Urge the state to make kindergarten compulsory and ensure that all children have an opportunity to attend some type of pre-school.
Attract the best and brightest teachers to our district, even for those hard to staff positions
Ensure an adequate compensation package including both pay and health care to keep veteran teachers from leaving LAUSD.
Eliminate waste and redundancy in the Central and Local Districts; use the savings to reduce class size in both elementary and secondary education.
Amidst an absurdly low turnout, LA Mayor and nominal 2010 gubernatorial front-runner Antonio Villaraigosa was not quite successful enough to tip the school board in his favor – at least not yet.
There were 4 open seats on the school board. Villaraigosa was fairly well assured to win 2. He needed 3 for a majority on the board. Here are the results:
In nearly complete returns, the mayor’s favored candidates finished ahead in three races and trailed in the fourth. But two of those leads were not sizable enough to avoid a May runoff, meaning that, once again, Villaraigosa’s school intervention plans could be put on hold […]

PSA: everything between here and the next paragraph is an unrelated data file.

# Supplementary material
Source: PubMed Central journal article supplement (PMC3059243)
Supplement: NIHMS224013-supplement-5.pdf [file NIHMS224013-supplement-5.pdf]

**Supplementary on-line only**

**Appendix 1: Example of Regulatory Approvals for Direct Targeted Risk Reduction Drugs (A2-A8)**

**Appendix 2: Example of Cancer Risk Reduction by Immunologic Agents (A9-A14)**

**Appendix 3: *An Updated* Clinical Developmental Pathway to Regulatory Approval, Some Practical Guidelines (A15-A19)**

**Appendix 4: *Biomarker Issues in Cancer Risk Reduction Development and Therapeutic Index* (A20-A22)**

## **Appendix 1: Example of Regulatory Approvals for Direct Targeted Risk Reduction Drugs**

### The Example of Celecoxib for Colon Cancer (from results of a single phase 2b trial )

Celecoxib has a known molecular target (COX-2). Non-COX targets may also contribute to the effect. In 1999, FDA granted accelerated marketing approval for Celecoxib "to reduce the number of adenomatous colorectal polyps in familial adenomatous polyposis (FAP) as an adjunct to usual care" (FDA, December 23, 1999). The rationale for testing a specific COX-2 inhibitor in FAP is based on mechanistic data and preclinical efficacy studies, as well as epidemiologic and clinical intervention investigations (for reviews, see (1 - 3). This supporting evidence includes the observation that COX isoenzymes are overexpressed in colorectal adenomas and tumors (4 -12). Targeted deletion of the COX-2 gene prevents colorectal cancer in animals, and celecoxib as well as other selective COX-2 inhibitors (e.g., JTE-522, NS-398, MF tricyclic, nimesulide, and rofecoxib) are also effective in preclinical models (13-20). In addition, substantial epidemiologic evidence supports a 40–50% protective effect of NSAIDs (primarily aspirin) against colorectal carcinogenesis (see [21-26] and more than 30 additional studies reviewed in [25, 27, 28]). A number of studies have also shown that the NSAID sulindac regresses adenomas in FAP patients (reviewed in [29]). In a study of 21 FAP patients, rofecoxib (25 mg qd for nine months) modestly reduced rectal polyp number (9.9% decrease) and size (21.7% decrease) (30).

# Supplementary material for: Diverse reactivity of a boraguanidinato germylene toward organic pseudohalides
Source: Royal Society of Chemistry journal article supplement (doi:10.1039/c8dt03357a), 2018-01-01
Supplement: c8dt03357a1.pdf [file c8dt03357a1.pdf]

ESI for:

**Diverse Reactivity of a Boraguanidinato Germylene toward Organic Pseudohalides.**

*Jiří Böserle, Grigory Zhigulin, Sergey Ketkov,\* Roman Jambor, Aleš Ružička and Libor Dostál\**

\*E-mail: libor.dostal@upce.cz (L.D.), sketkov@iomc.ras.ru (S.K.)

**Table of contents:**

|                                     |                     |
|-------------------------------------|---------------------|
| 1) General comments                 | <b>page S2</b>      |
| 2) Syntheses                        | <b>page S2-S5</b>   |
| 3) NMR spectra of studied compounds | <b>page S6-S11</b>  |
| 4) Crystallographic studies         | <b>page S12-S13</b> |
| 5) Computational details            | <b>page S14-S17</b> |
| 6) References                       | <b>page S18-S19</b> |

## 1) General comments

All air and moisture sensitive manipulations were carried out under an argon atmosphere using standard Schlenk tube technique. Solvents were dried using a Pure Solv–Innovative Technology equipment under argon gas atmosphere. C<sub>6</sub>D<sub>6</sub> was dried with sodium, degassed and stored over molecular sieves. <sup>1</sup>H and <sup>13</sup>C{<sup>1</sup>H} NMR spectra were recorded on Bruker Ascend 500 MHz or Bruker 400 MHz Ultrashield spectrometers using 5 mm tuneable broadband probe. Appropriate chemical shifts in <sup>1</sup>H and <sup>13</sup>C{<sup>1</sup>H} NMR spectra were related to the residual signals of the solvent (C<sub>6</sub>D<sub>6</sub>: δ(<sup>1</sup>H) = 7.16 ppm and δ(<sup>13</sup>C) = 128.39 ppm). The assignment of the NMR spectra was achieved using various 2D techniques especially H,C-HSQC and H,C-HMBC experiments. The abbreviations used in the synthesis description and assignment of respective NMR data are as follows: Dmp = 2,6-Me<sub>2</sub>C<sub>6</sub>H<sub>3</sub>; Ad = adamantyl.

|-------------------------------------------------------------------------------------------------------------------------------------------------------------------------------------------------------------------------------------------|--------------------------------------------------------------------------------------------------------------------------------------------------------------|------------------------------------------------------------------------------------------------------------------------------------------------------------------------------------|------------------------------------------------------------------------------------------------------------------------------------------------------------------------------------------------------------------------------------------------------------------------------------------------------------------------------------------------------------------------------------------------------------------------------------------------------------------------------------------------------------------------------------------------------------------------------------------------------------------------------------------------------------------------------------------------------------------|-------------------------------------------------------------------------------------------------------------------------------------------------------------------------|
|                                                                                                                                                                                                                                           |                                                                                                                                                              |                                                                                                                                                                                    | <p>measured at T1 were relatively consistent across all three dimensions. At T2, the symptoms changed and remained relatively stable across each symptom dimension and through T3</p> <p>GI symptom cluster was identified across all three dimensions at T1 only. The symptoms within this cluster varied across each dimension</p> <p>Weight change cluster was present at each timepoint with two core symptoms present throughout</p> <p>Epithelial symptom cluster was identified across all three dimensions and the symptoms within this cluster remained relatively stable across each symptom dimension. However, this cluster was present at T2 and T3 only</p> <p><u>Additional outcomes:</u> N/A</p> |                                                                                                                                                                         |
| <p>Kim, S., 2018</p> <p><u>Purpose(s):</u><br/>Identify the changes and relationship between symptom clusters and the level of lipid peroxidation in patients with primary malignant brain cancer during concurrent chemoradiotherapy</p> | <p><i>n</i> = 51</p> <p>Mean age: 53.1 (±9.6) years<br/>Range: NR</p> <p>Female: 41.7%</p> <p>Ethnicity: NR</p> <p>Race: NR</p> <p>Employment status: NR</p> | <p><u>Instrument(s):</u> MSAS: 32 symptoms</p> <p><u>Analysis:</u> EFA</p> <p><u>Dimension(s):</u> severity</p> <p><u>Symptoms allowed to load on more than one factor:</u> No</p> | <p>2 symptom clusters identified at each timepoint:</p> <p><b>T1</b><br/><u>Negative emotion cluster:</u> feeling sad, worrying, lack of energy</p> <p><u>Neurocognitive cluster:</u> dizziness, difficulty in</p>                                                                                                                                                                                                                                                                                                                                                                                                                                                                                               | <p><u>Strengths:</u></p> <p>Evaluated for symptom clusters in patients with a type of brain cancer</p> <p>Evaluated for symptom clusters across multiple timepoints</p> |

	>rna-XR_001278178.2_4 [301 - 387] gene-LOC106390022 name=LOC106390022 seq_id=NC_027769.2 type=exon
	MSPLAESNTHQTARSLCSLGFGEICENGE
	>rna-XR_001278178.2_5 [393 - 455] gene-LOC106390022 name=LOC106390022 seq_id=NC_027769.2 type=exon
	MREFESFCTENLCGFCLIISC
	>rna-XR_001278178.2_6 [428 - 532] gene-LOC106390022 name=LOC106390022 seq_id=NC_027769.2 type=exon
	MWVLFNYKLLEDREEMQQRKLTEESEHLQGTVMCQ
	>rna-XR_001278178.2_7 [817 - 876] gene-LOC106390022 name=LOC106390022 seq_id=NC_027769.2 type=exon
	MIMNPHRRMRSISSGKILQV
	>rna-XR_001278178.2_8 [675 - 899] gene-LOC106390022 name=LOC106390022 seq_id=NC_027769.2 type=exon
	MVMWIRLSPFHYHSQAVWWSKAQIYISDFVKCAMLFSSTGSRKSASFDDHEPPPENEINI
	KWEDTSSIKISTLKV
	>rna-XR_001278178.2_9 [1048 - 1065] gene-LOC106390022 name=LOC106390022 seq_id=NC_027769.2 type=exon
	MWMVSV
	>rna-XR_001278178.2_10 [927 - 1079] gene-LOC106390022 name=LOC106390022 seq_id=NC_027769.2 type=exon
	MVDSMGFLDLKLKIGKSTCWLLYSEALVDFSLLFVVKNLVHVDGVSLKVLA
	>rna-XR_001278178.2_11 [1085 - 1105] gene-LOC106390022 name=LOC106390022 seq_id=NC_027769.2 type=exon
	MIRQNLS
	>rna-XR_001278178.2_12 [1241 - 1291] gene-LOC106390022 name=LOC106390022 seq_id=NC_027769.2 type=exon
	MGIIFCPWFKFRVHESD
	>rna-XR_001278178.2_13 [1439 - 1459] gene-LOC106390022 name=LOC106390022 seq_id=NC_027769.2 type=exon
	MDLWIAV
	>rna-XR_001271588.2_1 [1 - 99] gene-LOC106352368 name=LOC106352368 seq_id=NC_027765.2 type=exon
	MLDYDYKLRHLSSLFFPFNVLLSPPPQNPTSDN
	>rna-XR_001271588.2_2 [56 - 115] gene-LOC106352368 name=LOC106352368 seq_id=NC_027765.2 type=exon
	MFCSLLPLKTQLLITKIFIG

The two big-money contests pitted an incumbent against a challenger favored by the mayor. In those races, Villaraigosa faced one loss and one runoff. The union-backed Marguerite Poindexter LaMotte won handily in her South Los Angeles race and Villaraigosa-favored Tamar Galatzan and incumbent Jon M. Lauritzen headed to a May showdown in the San Fernando Valley.
The mayor officially sat out the battle in District 1, which pitted incumbent LaMotte against charter school operator Johnathan Williams.
He “sat it out,” most likely, because he didn’t want to get sullied by Williams’ defeat. But he pretty much did everything but endorse him. Williams outspent his oppoenent by 2-to-1 and still lost.